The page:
While Beowulf Roasts, Wiglaf Breaks from the Host [ll.2593-2605] (Old English)

Abstract
Translation
Recordings
Heralding The Shift
Shiny Armor, but Shinier Lineage
What’s in a Name
Closing

{A fresh faced Wiglaf, as played by Brendan Gleeson. Image from aveleyman.com.}

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Abstract

Things aren’t looking good for Beowulf, but though his men are fled, one has a change of heart that may see the dragon bled.

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Translation

“The hoard guard in himself took heart – his
breast by breathing heaved – he came out once again;
harsh straits were suffered, he was enveloped by fire,
he who had once ruled the people. Not any of the band
of comrades were with him then, the sons of nobility
stood about in martial virtues, but they fled into
the woods, their lives to save. Of them sorrow surged
in just one mind; he who thinks rightly may
never for anything turn away from kinship.
Wiglaf was his name, son of Weoxstan,
a beloved warrior, man of the Scylfings,
kinsmen of Aelfere; he saw his liege lord
under the battle mask suffering in the heat.”
Beowulf ll.2593-2605

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Recordings

Old English:

English:

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Heralding The Shift

Beowulf’s getting roasted by the fire in this passage, and the dragon seems almost assuredly guaranteed a nice and toasty roasted Geat for a snack. No doubt he has a very old and fine wine somewhere in his hoard to go with just such a meal, but thanks to a change of heart, one of Beowulf’s thanes is ready to help out his liege lord – and become the poem’s primary perspective character.

Curiously, though, the action is halted for a quick description of our new hero. Though instead of going over his bulging biceps and shiny armor (that gets the narrative treatment in a few lines’ time), we’re treated to his pedigree.

Obviously this kind of description is set up by the preceding bit of gnomic wisdom: “he who thinks rightly may never for anything turn away from kinship” (“sibb ǣfre ne mæg/wiht onwendan þām ðe wēl þenceð” ll.2600-2601). However, what makes pedigree so important here?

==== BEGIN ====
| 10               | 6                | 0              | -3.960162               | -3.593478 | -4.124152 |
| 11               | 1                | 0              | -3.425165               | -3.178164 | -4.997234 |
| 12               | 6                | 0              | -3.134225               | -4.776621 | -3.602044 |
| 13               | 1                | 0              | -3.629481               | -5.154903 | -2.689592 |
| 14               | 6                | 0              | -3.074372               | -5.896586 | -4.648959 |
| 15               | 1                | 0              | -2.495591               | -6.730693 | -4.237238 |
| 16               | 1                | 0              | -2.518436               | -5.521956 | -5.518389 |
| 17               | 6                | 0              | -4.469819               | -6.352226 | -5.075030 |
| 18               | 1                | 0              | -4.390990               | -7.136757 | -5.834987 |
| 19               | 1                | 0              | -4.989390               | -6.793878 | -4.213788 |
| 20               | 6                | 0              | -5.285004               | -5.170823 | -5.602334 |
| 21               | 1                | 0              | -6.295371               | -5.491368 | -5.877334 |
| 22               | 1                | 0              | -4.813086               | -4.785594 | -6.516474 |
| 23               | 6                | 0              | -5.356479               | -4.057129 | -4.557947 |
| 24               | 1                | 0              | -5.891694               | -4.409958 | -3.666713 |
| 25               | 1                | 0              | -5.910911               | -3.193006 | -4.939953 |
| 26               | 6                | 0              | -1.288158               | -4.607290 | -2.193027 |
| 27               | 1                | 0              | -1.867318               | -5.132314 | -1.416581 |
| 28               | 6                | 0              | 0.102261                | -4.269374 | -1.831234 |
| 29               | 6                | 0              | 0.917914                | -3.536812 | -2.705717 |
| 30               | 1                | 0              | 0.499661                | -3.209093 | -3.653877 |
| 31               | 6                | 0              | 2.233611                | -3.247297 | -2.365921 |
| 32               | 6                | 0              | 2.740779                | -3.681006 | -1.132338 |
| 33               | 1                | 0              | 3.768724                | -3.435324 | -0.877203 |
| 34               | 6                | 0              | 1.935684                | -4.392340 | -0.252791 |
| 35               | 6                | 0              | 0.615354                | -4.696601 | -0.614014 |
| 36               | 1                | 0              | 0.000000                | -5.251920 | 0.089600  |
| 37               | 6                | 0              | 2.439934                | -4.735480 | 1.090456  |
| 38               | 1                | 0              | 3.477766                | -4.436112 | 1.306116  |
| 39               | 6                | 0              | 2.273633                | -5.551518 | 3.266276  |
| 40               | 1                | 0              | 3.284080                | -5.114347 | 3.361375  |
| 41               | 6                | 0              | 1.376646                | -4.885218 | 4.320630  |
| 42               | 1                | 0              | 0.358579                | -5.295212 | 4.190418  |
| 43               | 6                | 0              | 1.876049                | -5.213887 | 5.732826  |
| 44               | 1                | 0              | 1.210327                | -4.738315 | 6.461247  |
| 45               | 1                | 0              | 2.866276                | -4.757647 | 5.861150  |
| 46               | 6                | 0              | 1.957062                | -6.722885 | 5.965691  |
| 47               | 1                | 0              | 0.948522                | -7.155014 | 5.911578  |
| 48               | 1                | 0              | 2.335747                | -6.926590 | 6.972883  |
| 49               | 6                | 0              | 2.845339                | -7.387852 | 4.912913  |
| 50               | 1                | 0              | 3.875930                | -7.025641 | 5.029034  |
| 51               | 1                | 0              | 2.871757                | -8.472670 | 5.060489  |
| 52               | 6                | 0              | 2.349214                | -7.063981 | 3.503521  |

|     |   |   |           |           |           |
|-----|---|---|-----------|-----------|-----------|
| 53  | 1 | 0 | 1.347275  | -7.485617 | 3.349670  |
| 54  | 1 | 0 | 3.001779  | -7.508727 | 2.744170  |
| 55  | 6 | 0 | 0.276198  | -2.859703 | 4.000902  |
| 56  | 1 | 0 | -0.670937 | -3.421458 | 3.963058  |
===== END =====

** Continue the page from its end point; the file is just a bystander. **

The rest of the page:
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Shiny Armor, but Shinier Lineage

The best guess is that it falls in with an older way of thinking about the world. One that involves things like phrenology and eugenics, not all pretty stuff, but essentially the idea held here could be that because Wiglaf comes from good breeding he is one who “thinks rightly” (“wēl þenceð” l.2600). If such is the case, then this passage would set any listener or reader to this tale from hundreds of years ago to the expectation that this Wiglaf is going to solve everything, or at least be of assistance.

However, if Wiglaf is the only one who has his head on properly amongst the elite guard that Beowulf brought with him on his expedition, it also bodes ill for the Geats in general. For if only one of twelve trained warriors has the decency to disobey orders and help his liege lord in his hour of need despite being told otherwise, then such pedigrees as Wiglaf’s must be few and far between.

As a means of foreshadowing the waning power and prowess of the Geats between generations, and the implication that kin, when properly thinking, will help out kin, suggests that either terms like “Geat” are much broader than you might suspect, or that there’s a problem with breeding among the Geats.

Maybe something wicked has been happening in the beds and around the camps when the fires are out – Beowulf’s own marital and sexual situations are not mentioned. It’s possible that the woman who weeps so bitterly by his grave (who could be Hygelac’s queen, Hygd; ll.3150-3155) is Beowulf’s wife, but the latter situation is left un-noted, likely because of the contemporary sense of decorum.

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What’s in a Name

A brief note on the name of the new perspective character in the poem is rather telling. It’s also much easier to look into the meaning of Wiglaf’s name than Beowulf’s name, since it’s a much more obvious compound word.

“Wīg” is Old English for “war,” “strife,” or “battle,” and “lāf” is Old English for “leaving,” or “heirloom.” Thus, Wiglaf is named for some kind of battle memento – maybe this name is one that the poet/scribe came up with after having conceived of the pedigree of Wiglaf’s arms. For his armor and his sword are all described as the spoils of a combat fought by Weohstan (ll.2610-2625).

However, if Wiglaf’s name is taken as a kenning, it could be interpreted in a different way.

If we take “wīglāf” as a kenning, then perhaps it refers to one who is the product of a broken marriage, or of a couple made of partners from rival or feuding families. In that way he’s much more literally an heirloom of some kind of strife, since perhaps he’s the child of rape or of some kind of passionate affair between star-crossed lovers who never after saw each other.

Of course, being an Anglo-Saxon poem, none of that is explicitly explained.

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Closing

Next week Isidore gets into the matter of the cud and of donkeys; and in Beowulf, Wiglaf can’t hold back, just as the poet bursts into a (brief) digression.

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